“For 50 years, Richard L. Lanigan has been developing a communicology for the human sciences, an approach to communication studies grounded in phenomenology. This Festschrift adds an amazing collection of original articles to his approach, written by his mentors, students, and friends. It leads the reader through a surprising diversity of topics that communicology invites, discussing its philosophical roots and relating it to semiotics, linguistics, ethics, mental health, the future of communicability, and more, all the way to the coding of qualitative data.”
—Klaus Krippendorff, Gregory Bateson Professor Emeritus for Cybernetics, Language and Culture, The Annenberg School for Communication, University of Pennsylvania
“Voices across three generations celebrate the work of Richard L. Lanigan, a giant in
scholarship, service and humanity. In dialogue with American pragmatism and continental philosophy, Lanigan the philosopher and communicologist investigates the
phenomenological foundations of communication inspiring new pathways in research as represented by the authors in this volume. An extraordinary enterprise marking the overwhelming importance of communication today with its singular responsibilities for theorists and practitioners alike, in the face of its pervasiveness and consequence not only for humankind but for life overall.”
—Susan Petrilli, Professor of Philosophy and Theory of Languages, University of Bari Aldo Moro, Italy, Visiting Research Fellow at the University of Adelaide, Australia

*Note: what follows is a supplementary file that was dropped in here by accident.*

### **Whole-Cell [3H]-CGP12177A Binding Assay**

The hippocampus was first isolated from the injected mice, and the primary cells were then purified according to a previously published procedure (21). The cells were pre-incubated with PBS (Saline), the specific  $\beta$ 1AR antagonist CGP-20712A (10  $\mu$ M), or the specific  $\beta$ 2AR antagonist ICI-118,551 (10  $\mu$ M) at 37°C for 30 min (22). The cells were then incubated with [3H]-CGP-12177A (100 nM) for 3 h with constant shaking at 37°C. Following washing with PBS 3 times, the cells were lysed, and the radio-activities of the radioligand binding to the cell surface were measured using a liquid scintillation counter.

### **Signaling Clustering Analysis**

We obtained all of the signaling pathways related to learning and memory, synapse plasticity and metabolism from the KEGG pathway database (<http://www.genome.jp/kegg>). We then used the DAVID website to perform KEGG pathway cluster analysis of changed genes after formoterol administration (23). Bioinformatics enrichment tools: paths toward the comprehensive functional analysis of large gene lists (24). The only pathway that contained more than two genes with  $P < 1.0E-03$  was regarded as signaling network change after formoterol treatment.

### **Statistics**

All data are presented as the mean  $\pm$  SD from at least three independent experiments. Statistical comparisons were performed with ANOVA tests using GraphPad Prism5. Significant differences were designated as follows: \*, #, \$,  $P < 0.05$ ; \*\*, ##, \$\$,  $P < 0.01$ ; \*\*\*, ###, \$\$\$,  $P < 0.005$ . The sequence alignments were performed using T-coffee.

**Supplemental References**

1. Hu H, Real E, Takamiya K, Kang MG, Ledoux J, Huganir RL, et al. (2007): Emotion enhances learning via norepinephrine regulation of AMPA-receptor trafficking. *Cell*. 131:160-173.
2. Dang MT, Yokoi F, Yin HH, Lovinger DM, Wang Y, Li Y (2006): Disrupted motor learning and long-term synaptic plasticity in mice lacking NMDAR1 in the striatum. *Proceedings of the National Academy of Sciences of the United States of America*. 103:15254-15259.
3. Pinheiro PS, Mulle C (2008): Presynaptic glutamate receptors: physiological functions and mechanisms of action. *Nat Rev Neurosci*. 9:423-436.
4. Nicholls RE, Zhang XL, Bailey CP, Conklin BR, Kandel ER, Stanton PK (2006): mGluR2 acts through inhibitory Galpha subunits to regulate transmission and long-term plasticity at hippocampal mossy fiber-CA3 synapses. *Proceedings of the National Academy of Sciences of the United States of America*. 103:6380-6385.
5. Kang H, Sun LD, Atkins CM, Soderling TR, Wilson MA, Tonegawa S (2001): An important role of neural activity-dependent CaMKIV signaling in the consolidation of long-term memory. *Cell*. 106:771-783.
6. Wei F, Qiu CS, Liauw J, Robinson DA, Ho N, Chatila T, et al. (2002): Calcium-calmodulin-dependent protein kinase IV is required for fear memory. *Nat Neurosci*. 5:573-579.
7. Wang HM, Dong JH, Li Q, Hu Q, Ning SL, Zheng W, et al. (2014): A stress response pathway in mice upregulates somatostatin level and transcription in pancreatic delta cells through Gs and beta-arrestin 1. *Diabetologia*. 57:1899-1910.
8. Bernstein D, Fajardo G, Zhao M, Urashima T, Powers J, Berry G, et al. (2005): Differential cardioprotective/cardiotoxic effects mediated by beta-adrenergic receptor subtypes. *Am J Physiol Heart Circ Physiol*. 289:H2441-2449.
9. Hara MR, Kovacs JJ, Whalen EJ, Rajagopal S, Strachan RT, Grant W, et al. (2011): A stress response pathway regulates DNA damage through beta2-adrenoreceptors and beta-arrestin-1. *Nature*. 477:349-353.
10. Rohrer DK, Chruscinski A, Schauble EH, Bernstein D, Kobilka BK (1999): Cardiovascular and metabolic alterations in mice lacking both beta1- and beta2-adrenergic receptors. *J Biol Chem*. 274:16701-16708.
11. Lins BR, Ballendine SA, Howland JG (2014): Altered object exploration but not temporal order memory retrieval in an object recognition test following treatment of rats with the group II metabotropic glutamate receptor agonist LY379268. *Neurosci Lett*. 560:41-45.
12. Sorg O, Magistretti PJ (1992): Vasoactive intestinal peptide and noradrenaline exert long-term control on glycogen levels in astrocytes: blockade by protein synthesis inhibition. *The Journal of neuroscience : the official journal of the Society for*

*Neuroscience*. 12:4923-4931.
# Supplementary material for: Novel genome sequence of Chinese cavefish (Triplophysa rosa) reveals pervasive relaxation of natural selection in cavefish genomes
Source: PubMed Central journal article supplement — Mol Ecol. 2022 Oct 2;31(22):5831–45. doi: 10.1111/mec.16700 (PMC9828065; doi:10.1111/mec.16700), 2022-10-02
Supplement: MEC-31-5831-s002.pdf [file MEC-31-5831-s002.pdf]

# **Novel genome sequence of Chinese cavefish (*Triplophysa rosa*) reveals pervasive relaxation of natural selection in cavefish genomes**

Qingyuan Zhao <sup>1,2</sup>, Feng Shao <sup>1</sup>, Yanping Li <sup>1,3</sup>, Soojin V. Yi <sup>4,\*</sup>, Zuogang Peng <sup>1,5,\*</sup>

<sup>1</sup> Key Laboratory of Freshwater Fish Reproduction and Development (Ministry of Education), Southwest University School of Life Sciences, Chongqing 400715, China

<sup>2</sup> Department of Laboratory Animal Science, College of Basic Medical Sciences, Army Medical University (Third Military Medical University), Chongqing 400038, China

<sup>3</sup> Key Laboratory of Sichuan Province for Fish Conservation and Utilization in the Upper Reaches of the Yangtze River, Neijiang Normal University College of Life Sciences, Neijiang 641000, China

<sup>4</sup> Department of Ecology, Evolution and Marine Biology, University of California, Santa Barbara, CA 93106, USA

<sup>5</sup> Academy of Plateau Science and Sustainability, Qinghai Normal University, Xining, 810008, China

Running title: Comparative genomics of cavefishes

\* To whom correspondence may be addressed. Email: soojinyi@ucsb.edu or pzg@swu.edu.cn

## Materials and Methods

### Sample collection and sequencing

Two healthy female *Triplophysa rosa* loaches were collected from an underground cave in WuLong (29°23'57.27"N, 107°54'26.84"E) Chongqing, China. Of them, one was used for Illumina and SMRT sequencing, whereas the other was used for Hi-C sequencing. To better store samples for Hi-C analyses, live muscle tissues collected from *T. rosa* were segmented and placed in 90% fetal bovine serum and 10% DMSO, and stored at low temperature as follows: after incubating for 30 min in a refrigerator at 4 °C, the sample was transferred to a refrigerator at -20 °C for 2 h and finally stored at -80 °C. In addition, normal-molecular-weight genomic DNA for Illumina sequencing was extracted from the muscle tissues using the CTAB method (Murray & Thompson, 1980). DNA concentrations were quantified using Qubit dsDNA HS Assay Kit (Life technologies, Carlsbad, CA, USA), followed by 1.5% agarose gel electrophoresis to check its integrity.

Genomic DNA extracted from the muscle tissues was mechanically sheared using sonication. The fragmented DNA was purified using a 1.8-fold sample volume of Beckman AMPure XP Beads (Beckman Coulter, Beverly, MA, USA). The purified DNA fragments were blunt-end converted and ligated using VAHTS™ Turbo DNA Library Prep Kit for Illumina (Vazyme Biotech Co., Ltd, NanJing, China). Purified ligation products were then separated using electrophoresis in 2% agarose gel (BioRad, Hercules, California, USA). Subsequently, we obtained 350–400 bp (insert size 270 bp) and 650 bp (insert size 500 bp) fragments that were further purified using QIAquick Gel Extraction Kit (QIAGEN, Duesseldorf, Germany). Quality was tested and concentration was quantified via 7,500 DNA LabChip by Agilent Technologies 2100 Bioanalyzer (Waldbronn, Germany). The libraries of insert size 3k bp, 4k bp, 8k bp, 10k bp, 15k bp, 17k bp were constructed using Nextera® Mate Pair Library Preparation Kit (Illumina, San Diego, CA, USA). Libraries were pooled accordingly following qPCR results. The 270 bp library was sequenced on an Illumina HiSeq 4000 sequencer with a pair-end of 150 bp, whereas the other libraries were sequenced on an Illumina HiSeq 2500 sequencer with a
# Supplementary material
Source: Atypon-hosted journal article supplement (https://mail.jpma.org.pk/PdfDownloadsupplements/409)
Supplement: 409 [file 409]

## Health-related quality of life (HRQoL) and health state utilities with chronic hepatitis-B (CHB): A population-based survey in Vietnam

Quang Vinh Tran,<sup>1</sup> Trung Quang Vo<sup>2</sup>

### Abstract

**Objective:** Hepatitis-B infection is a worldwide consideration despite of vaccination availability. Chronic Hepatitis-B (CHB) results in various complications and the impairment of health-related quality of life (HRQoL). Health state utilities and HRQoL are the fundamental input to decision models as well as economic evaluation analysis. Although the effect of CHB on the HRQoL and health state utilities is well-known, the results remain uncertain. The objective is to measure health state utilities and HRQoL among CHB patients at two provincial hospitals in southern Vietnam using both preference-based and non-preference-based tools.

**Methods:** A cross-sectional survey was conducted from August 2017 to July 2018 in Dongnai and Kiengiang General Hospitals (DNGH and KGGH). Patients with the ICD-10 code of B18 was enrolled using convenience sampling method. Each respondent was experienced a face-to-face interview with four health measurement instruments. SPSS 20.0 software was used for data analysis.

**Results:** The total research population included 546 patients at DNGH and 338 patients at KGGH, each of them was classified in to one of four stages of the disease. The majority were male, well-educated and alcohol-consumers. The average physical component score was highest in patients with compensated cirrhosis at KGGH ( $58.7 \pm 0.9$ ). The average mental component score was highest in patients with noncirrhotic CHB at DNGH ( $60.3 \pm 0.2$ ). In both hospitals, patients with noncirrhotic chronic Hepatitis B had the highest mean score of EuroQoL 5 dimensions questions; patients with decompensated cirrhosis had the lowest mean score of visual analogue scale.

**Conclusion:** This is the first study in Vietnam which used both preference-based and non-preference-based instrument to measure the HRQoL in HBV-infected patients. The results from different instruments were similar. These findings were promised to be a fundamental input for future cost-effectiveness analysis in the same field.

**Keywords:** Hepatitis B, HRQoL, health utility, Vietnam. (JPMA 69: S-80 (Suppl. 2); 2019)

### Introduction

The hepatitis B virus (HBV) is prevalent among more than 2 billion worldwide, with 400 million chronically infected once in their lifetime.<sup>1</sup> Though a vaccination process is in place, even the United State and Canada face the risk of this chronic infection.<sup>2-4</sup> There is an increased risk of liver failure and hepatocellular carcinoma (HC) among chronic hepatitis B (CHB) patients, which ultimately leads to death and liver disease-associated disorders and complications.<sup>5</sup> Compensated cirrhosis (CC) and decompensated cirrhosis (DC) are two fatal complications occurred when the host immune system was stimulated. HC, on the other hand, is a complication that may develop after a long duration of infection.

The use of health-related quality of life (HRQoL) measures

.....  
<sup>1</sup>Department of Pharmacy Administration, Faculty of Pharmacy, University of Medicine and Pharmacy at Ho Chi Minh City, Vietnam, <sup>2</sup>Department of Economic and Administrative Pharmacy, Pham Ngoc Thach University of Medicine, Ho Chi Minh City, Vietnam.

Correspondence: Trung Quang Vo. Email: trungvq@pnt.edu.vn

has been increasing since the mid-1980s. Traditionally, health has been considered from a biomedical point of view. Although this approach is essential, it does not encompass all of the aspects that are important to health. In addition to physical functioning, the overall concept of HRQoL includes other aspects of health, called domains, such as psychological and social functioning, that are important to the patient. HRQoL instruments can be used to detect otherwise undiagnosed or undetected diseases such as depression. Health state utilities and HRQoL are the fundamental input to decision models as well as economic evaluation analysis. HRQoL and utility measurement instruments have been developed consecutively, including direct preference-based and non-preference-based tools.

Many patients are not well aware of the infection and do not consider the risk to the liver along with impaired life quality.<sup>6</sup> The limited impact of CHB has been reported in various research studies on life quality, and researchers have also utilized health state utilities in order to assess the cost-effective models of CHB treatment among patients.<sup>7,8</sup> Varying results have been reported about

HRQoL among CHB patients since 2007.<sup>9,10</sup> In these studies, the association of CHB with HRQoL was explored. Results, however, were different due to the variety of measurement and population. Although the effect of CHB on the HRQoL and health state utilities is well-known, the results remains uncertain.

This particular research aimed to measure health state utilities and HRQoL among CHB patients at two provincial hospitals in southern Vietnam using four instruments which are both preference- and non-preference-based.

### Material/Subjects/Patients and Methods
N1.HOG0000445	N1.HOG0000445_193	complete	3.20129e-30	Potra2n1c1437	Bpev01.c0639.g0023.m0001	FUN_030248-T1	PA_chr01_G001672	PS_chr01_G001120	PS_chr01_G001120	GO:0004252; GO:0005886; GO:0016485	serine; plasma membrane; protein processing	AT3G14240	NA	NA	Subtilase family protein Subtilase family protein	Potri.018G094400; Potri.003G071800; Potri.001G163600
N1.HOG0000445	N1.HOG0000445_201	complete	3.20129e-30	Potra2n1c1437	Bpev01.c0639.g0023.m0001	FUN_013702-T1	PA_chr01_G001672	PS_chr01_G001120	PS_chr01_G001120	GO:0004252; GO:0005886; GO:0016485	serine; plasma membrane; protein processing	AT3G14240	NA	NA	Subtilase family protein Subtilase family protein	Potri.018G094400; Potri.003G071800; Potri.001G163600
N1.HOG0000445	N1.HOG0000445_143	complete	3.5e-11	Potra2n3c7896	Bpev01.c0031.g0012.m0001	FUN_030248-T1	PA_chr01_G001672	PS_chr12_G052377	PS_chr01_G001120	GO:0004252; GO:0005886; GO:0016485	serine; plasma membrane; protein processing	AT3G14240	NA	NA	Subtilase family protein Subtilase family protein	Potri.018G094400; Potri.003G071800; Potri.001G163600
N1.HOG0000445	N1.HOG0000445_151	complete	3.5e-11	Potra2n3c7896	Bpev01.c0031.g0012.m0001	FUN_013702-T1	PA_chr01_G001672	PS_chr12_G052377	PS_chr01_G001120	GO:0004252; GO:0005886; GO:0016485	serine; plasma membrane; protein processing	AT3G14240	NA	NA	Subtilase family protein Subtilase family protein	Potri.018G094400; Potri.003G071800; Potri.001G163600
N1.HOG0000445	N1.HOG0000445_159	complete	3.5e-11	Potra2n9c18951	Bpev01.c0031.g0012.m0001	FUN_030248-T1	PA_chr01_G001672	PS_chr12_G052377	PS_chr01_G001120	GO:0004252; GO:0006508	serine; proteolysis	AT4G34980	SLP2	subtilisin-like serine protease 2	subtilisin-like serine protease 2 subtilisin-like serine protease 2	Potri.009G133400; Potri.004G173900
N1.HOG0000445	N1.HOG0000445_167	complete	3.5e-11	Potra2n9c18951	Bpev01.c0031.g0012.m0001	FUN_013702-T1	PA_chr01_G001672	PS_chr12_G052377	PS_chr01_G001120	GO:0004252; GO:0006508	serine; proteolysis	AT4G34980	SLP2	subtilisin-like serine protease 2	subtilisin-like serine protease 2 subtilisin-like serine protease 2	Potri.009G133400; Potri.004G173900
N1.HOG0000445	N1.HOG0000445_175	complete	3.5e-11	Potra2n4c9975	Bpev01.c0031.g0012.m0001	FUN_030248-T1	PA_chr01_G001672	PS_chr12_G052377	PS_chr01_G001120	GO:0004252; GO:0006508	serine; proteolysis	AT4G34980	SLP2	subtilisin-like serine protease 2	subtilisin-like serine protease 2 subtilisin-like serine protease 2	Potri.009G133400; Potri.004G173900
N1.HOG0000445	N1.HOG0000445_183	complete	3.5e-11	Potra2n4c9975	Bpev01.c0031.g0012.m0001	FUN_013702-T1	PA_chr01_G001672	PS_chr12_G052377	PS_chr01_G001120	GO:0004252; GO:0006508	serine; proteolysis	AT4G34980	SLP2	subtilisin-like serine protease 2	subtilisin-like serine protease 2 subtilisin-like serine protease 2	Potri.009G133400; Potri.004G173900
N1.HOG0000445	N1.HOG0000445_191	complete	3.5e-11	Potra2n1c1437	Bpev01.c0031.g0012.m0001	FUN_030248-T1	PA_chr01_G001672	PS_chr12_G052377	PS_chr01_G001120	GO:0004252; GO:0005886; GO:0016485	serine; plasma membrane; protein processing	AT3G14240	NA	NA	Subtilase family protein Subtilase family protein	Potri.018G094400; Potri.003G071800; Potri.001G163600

“Inspired by Richard L. Lanigan—a philosopher, scholar, teacher, mentor, and friend to many—the contributors of this volume take us in diverse and thought-provoking directions: from epistemological foundations to formative logics, from embodied practice to ethical comportment. As a result, communicology emerges as a coherent and innovative discipline vital for the human sciences. In today’s fragmented and fractured world, reading this book is a heuristic and healing experience.”
—Galina Sinekopova, Professor and Director of Graduate Studies, Department of Communication, Eastern Washington University
“This Festschrift in honor of Richard L. Lanigan’s 50-year legacy offers contributions by his colleagues and students to disciplines he has advanced, being a perpetual beginner himself, who merges communicology as a science of human discourse with semiotic phenomenology. It is a journey to the (inter)subjectivity of the intentional self which paves the way to a helical model of man’s reasoning and becoming. Every researcher in anthropological philosophy, cognitive sciences, and linguistics should read this volume.”